Los Angeles Chapter
Malibu Drone1

Addressing Chronic Erosion at Surfrider Beach

Surfrider Beach has long been home to a wealth of ecological and cultural resources and is one of the most famous beaches in the state of California. It is an iconic surfing mecca and continues to hold tremendous value for the community; biological, economic, and spiritual. 

Today, Surfrider Beach and the Malibu Lagoon are imperiled by the impacts of chronic coastal erosion, which is increasing each year. In the last six months we’ve lost two 80 year-old Canary Island Date Palms and nearly 20 feet of property along the southwest corner of the Adamson Estate. On May 6, 2019, LA County Beaches & Harbors was compelled to drop 50 tons of granite revetment on the beach at First Point in an attempt to protect the historic Wall from falling into the sea. Once again we have found ourselves in an emergency situation that might otherwise have been avoided through proactive planning and resource management. 

Surfrider Beach is a classic rivermouth point break that has been shaped by the outflow and accumulation of rocks, clay and sand over thousands of years. Since the early 1900s, through our development of the lower Malibu Creek watershed, we have imposed a series of artificial constraints that invariably influence the dynamic coastal processes at Malibu Lagoon and Surfrider Beach. From Rindge Dam to the PCH, from Cross Creek to the Colony and multiple lagoon restorations in between, the lower watershed has been highly modified. Each of these man-made alterations combined with loss of sediment and sea level rise factor into the erosion we are witnessing today. Unless we are willing to dismantle over 100 years of development, it is incumbent upon us to adopt a more comprehensive management strategy that considers all resources, including recreational, to safeguard Surfrider Beach and keep it a crown jewel of the California coast.

Since 2011, Surfrider Foundation has advocated for an adaptive management program for the inlet at Malibu Lagoon that encourages seasonal creek flows to the west at Third Point. Many parts of the lagoon are already subject to human management, including wastewater discharge, the creation of wetlands, creekside armoring, dredging, sediment transport, and historic mechanical breaching of the inlet.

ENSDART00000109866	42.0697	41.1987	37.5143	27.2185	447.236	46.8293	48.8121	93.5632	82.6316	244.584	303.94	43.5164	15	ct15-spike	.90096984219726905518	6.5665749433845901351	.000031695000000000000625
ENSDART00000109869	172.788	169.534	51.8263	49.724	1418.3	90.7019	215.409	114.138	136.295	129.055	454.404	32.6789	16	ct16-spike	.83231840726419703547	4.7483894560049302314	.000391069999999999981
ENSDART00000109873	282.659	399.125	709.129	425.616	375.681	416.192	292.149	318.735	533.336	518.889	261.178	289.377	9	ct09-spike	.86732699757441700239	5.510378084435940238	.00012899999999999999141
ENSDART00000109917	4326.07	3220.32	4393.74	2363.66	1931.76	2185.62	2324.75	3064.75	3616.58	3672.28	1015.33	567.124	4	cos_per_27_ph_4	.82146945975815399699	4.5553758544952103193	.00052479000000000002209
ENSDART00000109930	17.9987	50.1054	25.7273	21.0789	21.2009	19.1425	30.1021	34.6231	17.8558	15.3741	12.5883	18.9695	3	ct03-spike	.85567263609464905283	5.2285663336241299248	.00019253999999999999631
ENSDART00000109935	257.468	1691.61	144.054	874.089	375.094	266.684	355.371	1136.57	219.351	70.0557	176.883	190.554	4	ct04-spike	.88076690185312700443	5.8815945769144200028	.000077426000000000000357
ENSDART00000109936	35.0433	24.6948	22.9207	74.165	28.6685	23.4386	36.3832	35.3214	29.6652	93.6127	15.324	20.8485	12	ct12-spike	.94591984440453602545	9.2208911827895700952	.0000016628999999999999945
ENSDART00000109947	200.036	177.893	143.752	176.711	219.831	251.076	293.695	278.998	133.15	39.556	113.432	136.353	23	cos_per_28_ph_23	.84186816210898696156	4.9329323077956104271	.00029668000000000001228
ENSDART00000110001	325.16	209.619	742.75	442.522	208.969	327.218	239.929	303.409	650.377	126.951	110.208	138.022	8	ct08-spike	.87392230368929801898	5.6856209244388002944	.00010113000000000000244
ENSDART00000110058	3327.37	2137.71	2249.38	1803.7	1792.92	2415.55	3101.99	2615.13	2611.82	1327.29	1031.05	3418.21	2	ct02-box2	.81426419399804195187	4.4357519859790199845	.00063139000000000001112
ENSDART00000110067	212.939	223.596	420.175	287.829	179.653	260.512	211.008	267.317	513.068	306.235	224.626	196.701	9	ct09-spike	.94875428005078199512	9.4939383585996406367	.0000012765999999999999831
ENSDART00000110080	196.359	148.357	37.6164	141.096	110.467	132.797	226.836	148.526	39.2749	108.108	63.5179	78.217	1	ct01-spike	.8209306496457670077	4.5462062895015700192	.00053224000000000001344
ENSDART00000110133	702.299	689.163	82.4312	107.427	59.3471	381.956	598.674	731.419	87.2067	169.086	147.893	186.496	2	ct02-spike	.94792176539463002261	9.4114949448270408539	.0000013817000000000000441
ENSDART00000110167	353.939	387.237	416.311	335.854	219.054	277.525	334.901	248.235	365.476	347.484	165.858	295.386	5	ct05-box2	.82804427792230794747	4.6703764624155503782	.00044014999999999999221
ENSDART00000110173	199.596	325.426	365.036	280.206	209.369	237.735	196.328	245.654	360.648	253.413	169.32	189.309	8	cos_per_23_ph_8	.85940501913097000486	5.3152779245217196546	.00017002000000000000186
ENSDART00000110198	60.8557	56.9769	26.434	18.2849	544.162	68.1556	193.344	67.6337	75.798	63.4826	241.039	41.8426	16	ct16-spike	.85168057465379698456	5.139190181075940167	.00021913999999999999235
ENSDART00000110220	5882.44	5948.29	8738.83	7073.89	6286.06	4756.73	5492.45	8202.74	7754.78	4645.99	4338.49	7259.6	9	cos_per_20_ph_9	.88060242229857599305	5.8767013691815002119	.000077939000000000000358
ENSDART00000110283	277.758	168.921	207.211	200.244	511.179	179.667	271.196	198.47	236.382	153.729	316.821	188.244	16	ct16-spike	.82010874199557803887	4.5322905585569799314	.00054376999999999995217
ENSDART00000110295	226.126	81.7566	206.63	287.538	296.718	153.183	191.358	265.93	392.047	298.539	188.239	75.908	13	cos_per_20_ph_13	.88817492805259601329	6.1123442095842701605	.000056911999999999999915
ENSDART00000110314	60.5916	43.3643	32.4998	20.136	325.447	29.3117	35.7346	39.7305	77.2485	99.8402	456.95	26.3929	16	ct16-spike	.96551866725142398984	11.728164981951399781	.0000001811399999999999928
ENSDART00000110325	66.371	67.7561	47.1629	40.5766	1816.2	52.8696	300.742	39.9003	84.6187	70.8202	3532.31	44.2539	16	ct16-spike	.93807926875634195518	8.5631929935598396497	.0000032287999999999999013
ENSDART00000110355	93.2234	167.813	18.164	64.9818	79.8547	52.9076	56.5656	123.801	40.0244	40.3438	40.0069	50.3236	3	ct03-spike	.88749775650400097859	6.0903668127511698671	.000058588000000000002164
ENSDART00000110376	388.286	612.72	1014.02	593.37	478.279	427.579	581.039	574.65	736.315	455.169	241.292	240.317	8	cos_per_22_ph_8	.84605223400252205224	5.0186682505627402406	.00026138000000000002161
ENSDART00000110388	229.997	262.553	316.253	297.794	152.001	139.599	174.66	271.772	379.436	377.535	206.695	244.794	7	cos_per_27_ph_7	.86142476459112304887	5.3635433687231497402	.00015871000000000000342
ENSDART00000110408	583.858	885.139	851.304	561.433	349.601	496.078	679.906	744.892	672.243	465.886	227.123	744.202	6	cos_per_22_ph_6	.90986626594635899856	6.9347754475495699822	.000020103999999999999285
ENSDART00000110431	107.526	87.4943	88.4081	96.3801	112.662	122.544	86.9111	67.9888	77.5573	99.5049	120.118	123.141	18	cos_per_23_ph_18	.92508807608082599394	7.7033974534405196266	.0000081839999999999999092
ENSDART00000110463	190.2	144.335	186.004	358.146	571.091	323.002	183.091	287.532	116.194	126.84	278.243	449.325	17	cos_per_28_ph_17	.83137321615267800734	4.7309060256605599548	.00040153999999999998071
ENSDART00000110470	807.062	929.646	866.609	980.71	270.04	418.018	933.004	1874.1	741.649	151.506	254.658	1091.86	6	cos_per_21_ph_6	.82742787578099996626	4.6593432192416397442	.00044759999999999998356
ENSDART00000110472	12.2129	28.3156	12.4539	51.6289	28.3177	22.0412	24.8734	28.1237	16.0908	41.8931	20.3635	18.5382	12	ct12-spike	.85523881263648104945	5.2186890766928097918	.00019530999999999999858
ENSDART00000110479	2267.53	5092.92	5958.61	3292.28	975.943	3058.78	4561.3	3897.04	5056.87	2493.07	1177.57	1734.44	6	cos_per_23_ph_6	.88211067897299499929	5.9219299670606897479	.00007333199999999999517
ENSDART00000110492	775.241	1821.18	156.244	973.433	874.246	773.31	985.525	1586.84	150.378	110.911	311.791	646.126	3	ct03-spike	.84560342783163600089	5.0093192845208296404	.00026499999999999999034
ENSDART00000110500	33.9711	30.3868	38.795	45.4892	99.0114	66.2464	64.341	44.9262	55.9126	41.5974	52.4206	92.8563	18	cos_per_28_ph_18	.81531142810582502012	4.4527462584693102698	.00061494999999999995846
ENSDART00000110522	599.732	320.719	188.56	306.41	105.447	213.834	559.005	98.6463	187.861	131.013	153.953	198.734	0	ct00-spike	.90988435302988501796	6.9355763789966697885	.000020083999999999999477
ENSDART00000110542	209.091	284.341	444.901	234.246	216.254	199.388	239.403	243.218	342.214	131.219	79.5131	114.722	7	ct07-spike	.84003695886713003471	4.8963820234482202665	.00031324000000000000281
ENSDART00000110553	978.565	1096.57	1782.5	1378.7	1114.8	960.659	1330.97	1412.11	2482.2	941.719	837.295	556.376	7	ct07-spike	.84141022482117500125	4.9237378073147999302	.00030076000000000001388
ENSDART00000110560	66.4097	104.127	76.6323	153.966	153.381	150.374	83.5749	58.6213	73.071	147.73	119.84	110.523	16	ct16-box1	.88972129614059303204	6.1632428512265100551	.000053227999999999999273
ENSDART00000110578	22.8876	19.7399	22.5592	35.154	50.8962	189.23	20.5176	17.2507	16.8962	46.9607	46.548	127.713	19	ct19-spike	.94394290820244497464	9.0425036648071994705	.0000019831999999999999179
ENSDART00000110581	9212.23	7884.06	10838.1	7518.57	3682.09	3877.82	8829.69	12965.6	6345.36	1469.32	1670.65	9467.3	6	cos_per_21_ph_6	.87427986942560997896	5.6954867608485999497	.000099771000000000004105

There are four primary benefits for adopting a management program that encourages a westerly flow of the creek during the first rains of the season:

  • Reduced erosion at the Adamson Estate and subsequently Surfrider Beach.
  • Enhanced public safety by improving lifeguard access to Second and Third Points.
  • Increased wave quality.
  • Increased tidal circulation to wetlands.

From a biological standpoint, experts agree that the timing of the breach is critical with regard to sensitive aquatic species whereas the location of the breach is not. Therefore, any management program should be conducted in an environmentally sensitive manner that doesn’t interfere with protected species. 

Surfrider Foundation is committed to establishing the following:

SHORT-TERM SOLUTIONS

  • Preliminary hydrological and geomorphological studies of Malibu Lagoon and inlet.
  • Reinforcement of the historic Wall and lifeguard towers at First Point, as well as the southwestern edge of the Adamson Estate using soft solutions, such as sand berms as has been previously carried out by LA County Beaches & Harbors.
  • Mechanical relocation of the Malibu Lagoon inlet to the western end of the beach at Third Point, to be carried out at a seasonally appropriate time and in consideration of protected species. 

LONG-TERM SOLUTIONS 

  • Ongoing adaptive management program for the inlet at Malibu Lagoon.
  • Ongoing geomorphological monitoring of the inlet and Surfrider Beach.
  • Feasibility study to construct a living shoreline / dune system along the southwestern edge of the Adamson Estate, incorporating concepts such as cobble mattressing similar to what was implemented at Surfer’s Point in Ventura, CA.
  • Removal of Rindge Dam and employing beneficial reuse of the approximately 700K+ cubic meters of impounded sediment.

There are multiple local, county, and state agencies that work to maintain the integrity of California’s coastal resources. Those responsible for managing our coastal inlets and estuarine environments can be difficult to coordinate, especially when it comes to Malibu. Public agencies excel in emergency situations. Decisions get made and things get done. Reactivity comes by necessity. But in the age of climate change we need agencies willing to adopt proactive measures that work to keep us from running into emergencies in the first place. 

The Surfrider Foundation is calling on CA State Parks, LA County Beaches & Harbors, the City of Malibu, the Santa Monica Bay Restoration Commission, and other relevant stakeholders to work with us in developing both short and long-term, nature-based solutions that will not only serve to protect Surfrider Beach and the Malibu Lagoon, but better prepare us for the looming impacts of climate change and sea level rise.

Share this post

Share on facebook
Share on google
Share on twitter
Share on linkedin
Share on pinterest
Share on print
Share on email